In considering ministry as it operates within the Church of England, there are, I am suggesting, three important and overlapping features of that ministry which have to be taken into account.
The first is what Bishop Michael Nazir-Ali identified, as basically two religions, or certainly two theological paradigms: which we may loosely label them ‘traditionalist’ and the ‘liberal’. Whilst we may quibble at the lack of precision, it is easy to see these two paradigms not just in action but in opposition, when one considers the current critical debates within the Church.
The second is that the Church of England embraces two quite different concepts of its priesthood which, for the sake of simplicity, we may designate as ‘personal’ and ‘functional’, or to use another form of shorthand, ‘Catholic’ and ‘Protestant’. Once again, these are imprecise distinctions, but it is easy to see how they operate differently on any given Sunday.
The third feature is more sociological than theological, but is nevertheless of crucial importance, and that is the presence of two models of authority: ‘Authority A’, which is imposed by institutional rules and regulations, and ‘Authority B’, which is earned by merit and which may or may not correspond to ‘Authority A’.
The important thing to recognize is that these features all overlap and there are therefore a number of possible permutations. In this post, however, I want to consider just one of these, and the implications it has for Anglican ministry.
Regular readers will probably not be surprised when I say that the model of priesthood I believe to be most consistent with the heritage of the Anglican Reformation and most helpful for the future of the Church of England in this country has a ‘traditionalist’ theological paradigm and a ‘functional’ view of priesthood.
In the area of authority, however, I believe there needs to be more emphasis on ‘Authority B’, rather than ‘Authority A’. That is to say, the paradigm of authority in the Church ought to emphasise competence for the task, rather than institution into the order.
This, however, raises the question as to what is the task of ministry. Here our different paradigms provide different answers, but they essentially divide along theological lines according to the understanding of eschatology — the doctrine of the ‘last things’. What we believe is the task of ministry will depend very much on what we believe is the outcome of life and existence.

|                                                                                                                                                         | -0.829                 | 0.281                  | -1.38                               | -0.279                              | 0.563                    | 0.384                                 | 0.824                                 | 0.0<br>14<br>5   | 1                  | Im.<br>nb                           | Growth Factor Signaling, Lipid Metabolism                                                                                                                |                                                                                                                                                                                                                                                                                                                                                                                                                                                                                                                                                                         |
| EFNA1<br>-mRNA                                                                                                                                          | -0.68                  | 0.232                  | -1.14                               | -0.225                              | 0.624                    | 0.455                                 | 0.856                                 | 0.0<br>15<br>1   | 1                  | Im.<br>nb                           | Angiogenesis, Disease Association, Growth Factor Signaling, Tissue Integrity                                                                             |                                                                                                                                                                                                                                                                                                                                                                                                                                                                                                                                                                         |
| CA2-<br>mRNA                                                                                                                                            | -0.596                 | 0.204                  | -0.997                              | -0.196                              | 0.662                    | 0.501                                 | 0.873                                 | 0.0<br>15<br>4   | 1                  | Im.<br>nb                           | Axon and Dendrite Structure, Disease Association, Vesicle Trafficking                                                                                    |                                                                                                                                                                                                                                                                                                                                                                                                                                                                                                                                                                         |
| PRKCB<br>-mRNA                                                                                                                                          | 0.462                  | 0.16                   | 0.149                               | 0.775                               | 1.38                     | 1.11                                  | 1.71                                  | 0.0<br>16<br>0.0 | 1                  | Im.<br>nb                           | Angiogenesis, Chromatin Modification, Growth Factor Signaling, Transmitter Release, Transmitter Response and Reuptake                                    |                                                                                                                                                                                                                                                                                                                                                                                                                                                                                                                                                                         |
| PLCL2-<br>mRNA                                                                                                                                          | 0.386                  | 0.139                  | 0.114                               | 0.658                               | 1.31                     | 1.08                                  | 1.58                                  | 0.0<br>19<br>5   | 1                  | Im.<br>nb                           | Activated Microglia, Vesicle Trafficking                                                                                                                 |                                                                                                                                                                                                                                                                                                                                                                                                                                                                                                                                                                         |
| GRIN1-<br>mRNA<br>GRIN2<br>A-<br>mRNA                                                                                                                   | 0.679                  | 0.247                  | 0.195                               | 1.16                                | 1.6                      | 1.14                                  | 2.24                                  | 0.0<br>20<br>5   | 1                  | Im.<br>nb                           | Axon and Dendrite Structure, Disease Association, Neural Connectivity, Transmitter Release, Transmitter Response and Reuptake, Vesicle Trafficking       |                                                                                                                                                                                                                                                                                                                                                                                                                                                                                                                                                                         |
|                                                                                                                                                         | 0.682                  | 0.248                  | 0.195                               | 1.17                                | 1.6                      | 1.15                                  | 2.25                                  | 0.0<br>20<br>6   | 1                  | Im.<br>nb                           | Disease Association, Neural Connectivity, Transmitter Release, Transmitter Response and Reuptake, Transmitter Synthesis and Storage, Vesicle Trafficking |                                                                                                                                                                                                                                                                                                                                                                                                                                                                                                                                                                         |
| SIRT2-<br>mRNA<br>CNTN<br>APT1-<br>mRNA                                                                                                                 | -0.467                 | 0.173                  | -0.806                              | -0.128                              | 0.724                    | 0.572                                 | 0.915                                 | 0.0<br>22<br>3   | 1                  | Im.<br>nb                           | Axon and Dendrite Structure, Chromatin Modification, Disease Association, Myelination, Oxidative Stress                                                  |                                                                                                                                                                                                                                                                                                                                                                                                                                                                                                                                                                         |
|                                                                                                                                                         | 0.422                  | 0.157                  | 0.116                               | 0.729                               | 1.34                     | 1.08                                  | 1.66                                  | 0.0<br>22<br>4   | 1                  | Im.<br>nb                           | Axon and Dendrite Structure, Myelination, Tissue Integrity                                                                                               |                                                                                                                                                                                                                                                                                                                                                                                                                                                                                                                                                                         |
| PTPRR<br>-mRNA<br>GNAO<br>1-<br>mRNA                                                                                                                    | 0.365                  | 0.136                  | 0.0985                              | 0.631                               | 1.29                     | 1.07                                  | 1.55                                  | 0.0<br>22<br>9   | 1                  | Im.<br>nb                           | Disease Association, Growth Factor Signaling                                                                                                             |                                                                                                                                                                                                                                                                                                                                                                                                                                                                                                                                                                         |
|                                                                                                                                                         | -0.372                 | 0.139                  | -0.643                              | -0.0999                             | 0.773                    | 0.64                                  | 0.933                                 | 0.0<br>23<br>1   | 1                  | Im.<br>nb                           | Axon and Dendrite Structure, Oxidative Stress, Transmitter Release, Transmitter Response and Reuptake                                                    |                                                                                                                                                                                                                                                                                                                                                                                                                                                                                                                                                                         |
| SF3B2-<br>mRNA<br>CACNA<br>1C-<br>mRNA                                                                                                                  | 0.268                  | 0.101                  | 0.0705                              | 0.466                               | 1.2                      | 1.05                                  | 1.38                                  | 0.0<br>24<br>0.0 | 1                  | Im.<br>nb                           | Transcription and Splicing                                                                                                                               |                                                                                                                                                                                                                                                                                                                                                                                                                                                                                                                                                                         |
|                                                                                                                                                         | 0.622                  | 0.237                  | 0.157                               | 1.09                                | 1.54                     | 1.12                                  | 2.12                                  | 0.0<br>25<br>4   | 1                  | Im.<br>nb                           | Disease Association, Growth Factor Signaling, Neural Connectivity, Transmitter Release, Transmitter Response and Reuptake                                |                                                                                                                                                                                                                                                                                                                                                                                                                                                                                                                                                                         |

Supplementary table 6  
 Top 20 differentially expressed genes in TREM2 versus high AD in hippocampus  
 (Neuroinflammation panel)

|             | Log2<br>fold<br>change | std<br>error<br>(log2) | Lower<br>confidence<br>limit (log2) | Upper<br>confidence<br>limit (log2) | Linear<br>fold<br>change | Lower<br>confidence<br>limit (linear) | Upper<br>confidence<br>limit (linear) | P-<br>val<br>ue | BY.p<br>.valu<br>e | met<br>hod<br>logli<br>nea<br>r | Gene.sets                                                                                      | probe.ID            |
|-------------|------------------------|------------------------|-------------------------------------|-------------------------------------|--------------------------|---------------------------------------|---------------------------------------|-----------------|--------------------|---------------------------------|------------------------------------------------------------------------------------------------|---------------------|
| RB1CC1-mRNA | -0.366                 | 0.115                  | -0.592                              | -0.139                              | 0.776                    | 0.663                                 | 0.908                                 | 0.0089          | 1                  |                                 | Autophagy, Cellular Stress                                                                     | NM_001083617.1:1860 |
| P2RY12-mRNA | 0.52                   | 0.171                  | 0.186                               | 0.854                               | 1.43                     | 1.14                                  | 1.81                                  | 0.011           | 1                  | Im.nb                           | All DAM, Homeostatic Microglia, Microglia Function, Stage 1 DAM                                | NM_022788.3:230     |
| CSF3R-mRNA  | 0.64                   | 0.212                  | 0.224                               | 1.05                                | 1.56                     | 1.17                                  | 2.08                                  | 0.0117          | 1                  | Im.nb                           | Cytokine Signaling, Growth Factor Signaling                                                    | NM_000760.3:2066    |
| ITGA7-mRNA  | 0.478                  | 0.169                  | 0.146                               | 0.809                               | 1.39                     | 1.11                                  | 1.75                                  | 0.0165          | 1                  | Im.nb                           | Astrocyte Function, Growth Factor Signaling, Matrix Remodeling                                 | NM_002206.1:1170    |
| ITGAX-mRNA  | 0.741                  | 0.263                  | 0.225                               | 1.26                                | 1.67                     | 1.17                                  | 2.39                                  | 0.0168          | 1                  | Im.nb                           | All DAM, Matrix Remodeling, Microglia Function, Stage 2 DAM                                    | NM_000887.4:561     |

For the traditionalist, the Creeds used regularly in Morning and Evening Prayer and in Holy Communion provide a definitive answer, namely that Christ shall come “to judge the quick [ie living] and the dead.” The liberal paradigm generally takes a different view, but I will leave those to one side.
It is with this outcome in mind that the Ordinal joined to the Prayer Book sets out its model of ministry. In addressing those to be ordained, the Bishop says to them,
Ye have heard, Brethren ... of what dignity, and of how great importance this Office is, whereunto ye are called ... that is to say, to be Messengers, Watchmen, and Stewards of the Lord; to teach, and to premonish, to feed and provide for the Lord’s family; to seek for Christ’s sheep that are dispersed abroad, and for his children who are in the midst of this naughty world, that they may be saved through Christ for ever.
That, then, is the task of the ministry — to feed Christ’s flock and to seek and save his lost sheep from coming judgement. Thus the Bishop adds,
Wherefore consider with yourselves the end of the Ministry ... and see that ye never cease your labour, your care and diligence, until ye have done all that lieth in you ... to bring all such as are or shall be committed to your charge, unto that agreement in the faith and knowledge of God, and to that ripeness and perfectness of age in Christ, that there be no place left among you, either for error in religion, or for viciousness in life.